Assume that E is the indices' set of the efficient DMUs in Ω and IE = Ω\E and also consider DMUo = (xo, yo) as the observed inefficient DMU under assessment, that is: oεIE.

Considering an arbitrary norm, say ||.||, the minimum distance of DMUo from ∂E(Tv) can be obtained as:

(3)

For the sake of linearization of the problems that will be solved by the branch-and-bound algorithm, we consider ||.|| and ||.||1 in Problem Eq. 3. Considering ||.||1, this problem leads to the following problem:

(4)

Let (x,y) = (xo-s¯, yo+s+) while s¯ εúm and s+ εús, then Problem Eq. 4 is transformed to the following problem:

(5)

Note that ∂E(Tv) is not usually a convex set and hence Problem Eq. 5 is not a convex problem. Also, it is very difficult to determine ∂E(Tv) exactly; therefore, solving Problem Eq. 5 is not simple. But the following theorem shows that Model Eq. 5 is equivalent to a solvable problem.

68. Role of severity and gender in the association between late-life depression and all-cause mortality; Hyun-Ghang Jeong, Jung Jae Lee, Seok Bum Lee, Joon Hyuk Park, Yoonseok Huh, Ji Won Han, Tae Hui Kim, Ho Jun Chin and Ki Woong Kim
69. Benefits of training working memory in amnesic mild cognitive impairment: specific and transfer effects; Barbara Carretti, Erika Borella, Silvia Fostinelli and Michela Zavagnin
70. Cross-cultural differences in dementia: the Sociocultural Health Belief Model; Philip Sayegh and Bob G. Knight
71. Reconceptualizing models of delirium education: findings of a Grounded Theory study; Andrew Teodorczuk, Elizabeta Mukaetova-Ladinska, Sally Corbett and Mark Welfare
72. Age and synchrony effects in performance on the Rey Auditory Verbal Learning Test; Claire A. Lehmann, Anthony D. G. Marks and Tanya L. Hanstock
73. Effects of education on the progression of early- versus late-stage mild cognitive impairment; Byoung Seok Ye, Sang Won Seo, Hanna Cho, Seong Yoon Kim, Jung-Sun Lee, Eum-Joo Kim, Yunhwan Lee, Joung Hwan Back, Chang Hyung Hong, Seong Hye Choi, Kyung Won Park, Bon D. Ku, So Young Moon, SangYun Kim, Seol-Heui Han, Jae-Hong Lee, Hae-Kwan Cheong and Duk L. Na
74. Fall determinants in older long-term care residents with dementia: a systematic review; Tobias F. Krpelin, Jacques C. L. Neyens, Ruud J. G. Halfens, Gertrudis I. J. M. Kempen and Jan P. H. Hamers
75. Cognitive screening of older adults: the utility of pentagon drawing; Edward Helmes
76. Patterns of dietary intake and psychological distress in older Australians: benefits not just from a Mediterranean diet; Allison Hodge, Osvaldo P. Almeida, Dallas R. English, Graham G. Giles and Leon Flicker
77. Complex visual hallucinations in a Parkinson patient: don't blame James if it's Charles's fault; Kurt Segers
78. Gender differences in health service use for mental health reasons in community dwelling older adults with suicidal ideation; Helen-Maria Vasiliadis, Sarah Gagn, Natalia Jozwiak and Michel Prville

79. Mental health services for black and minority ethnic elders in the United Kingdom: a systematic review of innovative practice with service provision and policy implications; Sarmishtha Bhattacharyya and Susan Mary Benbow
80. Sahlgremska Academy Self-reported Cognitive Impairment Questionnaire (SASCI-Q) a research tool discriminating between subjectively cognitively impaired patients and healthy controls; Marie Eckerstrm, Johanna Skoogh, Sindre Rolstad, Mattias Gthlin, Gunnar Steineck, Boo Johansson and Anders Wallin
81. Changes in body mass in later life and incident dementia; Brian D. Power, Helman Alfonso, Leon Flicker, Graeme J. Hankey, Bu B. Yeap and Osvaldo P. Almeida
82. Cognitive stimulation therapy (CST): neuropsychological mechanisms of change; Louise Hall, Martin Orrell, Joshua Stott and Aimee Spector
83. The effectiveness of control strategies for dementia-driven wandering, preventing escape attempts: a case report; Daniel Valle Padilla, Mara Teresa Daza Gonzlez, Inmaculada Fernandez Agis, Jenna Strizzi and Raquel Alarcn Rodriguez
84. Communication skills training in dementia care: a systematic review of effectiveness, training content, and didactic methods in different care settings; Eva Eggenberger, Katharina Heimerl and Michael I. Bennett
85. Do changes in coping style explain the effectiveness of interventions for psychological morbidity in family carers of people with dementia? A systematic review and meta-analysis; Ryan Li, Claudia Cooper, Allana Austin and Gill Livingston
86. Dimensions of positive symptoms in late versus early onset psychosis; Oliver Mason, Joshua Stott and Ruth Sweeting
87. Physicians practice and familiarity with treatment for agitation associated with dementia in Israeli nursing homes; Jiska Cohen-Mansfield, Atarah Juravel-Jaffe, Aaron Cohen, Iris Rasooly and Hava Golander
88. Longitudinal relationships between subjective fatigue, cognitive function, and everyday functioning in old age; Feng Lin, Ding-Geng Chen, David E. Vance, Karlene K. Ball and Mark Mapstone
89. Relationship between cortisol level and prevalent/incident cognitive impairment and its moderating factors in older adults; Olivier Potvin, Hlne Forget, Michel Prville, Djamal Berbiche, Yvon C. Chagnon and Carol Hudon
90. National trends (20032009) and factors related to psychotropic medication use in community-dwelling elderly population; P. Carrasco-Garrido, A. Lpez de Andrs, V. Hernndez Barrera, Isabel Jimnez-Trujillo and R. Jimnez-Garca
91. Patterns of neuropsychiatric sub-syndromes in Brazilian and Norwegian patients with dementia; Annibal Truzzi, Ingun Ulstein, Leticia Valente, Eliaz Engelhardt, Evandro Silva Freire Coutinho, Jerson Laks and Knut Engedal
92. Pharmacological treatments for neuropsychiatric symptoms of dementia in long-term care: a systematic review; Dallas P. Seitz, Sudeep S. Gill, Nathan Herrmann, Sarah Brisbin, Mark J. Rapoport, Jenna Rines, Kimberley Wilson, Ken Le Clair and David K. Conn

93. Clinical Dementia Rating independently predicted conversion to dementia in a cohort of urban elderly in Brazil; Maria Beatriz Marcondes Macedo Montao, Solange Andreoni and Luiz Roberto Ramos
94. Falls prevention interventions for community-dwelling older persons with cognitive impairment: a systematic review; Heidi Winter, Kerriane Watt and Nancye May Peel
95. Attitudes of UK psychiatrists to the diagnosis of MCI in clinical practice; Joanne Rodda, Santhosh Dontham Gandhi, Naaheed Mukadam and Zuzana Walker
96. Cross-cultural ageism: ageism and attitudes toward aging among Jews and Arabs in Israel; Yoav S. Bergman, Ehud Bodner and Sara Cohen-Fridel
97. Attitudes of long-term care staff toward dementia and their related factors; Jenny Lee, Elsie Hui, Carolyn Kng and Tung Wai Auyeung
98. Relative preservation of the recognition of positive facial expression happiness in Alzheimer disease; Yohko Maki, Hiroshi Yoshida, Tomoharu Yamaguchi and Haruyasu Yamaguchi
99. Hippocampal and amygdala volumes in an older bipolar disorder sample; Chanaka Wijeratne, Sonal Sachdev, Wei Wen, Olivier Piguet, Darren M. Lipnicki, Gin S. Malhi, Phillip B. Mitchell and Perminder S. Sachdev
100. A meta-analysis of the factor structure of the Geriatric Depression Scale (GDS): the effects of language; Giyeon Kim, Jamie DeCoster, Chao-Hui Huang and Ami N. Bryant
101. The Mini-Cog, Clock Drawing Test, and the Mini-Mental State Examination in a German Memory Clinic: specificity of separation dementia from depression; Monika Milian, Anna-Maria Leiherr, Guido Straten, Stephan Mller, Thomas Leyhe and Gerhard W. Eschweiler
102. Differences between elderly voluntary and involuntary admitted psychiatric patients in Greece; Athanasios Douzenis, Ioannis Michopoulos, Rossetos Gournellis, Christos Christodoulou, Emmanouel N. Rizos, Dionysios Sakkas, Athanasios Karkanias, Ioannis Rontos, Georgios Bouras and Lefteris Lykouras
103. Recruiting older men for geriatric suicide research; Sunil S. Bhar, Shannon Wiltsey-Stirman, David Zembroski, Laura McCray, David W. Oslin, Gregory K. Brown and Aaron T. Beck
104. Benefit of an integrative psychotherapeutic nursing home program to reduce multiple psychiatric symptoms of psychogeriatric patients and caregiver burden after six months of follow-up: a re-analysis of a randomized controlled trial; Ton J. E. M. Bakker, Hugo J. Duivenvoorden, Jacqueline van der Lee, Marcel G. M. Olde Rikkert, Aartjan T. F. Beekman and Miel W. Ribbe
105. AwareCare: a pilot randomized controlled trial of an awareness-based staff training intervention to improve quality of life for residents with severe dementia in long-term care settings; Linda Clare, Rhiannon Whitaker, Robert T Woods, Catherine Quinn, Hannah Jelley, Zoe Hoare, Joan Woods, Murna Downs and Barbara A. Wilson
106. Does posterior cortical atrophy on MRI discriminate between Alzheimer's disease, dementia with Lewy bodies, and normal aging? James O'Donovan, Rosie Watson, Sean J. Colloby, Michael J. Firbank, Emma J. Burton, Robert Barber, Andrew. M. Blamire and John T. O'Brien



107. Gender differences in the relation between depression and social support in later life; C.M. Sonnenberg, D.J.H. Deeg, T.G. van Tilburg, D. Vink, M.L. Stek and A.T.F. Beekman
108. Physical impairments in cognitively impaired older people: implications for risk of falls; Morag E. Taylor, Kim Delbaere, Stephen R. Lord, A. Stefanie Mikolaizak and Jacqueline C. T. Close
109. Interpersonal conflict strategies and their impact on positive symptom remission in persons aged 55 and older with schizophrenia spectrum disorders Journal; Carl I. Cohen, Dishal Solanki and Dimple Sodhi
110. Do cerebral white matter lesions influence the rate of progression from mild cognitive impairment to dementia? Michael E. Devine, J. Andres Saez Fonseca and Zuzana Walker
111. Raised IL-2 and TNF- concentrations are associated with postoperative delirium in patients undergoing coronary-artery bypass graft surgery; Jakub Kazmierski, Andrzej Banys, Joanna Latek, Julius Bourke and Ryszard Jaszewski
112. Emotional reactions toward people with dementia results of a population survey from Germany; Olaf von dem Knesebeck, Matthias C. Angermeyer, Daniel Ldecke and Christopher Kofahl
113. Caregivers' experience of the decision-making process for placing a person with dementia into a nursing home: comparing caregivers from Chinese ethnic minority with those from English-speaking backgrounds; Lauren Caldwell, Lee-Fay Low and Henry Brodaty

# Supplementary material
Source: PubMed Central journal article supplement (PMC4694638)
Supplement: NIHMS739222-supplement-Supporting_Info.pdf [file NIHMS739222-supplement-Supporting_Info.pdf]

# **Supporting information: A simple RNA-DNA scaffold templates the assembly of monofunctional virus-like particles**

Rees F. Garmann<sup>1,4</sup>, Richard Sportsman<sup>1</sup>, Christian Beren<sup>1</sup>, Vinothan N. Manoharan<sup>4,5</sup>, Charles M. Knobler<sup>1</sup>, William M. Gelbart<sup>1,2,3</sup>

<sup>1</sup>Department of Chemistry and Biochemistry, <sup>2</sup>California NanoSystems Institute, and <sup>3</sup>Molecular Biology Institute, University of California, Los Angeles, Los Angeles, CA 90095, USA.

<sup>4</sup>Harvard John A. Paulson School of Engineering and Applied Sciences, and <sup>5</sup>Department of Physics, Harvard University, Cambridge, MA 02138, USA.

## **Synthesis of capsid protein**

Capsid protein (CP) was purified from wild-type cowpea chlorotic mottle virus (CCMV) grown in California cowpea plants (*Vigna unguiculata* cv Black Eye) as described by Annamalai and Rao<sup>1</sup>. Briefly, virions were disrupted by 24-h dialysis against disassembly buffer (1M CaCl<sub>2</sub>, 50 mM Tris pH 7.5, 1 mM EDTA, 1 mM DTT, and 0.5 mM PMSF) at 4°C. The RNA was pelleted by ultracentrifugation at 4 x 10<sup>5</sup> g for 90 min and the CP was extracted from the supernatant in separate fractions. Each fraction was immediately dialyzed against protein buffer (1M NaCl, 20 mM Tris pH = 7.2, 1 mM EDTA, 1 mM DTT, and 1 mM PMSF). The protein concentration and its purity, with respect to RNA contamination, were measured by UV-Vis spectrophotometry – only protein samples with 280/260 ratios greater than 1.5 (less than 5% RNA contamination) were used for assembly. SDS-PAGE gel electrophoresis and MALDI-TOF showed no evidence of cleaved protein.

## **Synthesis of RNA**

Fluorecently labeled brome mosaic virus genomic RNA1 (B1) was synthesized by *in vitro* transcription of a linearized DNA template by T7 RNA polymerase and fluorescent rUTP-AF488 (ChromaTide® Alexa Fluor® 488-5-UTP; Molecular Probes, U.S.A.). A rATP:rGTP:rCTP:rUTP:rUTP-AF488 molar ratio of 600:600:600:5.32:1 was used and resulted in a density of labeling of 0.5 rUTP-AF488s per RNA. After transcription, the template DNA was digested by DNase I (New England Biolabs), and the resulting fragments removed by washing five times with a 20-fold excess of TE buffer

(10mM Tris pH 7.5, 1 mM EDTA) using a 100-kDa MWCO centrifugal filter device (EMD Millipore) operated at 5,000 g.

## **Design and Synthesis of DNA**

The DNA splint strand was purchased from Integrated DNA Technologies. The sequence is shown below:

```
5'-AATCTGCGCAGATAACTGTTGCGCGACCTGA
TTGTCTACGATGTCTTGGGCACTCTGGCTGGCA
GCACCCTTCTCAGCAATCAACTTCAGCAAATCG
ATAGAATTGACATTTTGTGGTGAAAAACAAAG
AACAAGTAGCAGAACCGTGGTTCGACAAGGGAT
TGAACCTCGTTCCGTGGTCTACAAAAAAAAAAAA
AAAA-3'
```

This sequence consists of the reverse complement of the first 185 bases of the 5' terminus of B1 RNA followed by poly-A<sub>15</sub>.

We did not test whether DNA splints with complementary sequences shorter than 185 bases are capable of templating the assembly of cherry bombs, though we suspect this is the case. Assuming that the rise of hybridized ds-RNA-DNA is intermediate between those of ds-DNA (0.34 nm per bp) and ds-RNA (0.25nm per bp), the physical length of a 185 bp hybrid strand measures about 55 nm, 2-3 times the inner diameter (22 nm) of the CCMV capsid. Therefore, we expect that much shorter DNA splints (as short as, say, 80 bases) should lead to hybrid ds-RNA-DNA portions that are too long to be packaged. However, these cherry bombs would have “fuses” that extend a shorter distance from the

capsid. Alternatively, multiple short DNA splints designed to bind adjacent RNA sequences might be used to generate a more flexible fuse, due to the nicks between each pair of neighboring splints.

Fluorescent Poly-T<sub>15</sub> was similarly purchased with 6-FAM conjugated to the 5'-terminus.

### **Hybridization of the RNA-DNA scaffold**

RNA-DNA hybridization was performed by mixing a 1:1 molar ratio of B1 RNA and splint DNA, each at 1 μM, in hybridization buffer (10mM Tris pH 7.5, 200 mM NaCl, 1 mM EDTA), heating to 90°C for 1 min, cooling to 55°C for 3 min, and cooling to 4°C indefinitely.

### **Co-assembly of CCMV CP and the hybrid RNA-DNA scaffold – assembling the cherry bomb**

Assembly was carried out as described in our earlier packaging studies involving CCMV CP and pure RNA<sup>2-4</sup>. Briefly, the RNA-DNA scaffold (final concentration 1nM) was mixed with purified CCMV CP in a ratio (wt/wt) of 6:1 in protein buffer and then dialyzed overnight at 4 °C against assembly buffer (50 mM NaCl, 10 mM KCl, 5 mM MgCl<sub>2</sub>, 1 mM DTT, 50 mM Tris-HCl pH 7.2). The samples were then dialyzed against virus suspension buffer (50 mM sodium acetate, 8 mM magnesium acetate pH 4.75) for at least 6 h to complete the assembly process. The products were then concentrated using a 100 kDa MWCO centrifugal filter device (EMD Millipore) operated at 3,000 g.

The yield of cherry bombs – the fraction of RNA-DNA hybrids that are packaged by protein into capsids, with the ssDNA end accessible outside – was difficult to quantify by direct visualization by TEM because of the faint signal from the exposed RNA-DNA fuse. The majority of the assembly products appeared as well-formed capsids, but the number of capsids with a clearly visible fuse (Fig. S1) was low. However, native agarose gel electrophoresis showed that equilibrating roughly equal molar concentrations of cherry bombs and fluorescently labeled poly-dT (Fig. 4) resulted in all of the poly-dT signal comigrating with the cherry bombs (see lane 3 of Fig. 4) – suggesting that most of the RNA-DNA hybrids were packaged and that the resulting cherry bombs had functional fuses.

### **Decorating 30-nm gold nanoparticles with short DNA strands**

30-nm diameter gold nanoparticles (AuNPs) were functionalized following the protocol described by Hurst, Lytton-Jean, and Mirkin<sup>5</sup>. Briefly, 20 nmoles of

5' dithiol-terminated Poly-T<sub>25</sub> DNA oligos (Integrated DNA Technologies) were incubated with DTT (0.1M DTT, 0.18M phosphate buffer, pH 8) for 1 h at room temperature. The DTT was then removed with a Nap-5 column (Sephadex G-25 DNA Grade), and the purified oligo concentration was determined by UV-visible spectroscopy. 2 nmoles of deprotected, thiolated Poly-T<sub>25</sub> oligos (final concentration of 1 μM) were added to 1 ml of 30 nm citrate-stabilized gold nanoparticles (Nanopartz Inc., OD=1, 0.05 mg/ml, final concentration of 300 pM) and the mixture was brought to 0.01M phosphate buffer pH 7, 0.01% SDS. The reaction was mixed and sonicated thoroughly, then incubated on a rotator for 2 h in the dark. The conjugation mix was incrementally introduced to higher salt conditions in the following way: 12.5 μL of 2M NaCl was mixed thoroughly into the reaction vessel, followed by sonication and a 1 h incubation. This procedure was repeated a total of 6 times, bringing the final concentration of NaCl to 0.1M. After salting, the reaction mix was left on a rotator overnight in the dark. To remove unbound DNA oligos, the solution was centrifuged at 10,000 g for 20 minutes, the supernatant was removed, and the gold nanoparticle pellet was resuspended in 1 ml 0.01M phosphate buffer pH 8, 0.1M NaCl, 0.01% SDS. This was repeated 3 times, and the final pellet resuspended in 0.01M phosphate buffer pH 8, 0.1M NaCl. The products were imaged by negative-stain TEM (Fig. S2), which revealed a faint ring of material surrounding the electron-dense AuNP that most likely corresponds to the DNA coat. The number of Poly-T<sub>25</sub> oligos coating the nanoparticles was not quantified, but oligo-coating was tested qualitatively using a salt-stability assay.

Theorem 1: The optimal value of Problem Eq. 5 is equal to the optimal value of Problem Eq. 6. That is: .

(6.1)

(6.2)

(6.3)

(6.4)

(6.5)

(6.6)

(6.7)

Proof: Since, ∂E(Tv) is a nonempty and closed set and the objective function of Problem Eq. 5 is nonegative and continuous, this problem has a finite optimal value and its optimal solution belongs to ∂E(Tv). Suppose that (s¯*, s+*) is an optimal solution of Problem Eq. 5. This means that (xo-s¯*, yo+s+*) ε ∂E(Tv). Hence, the optimal value of Model Eq. 7 must be zero.

(7)

Then, the Karush-Kuhn-Tucker Conditions in linear programming imply that there is such that:

(8)

Relation Eq. 8 shows that is a feasible solution for Problem Eq. 6. Therefore,

Conversely, suppose that is an optimal solution of Problem Eq. 6. Then the Karush-Kuhn-Tucker Conditions in linear programming imply that the optimal value of Model Eq. 7 must be zero. Thus (xo-s¯*,yo+s+*) ε∂E(Tv). Then (s¯*, s+*) is a feasible solution for Problem Eq. 5. Thus:

And this completes the proof.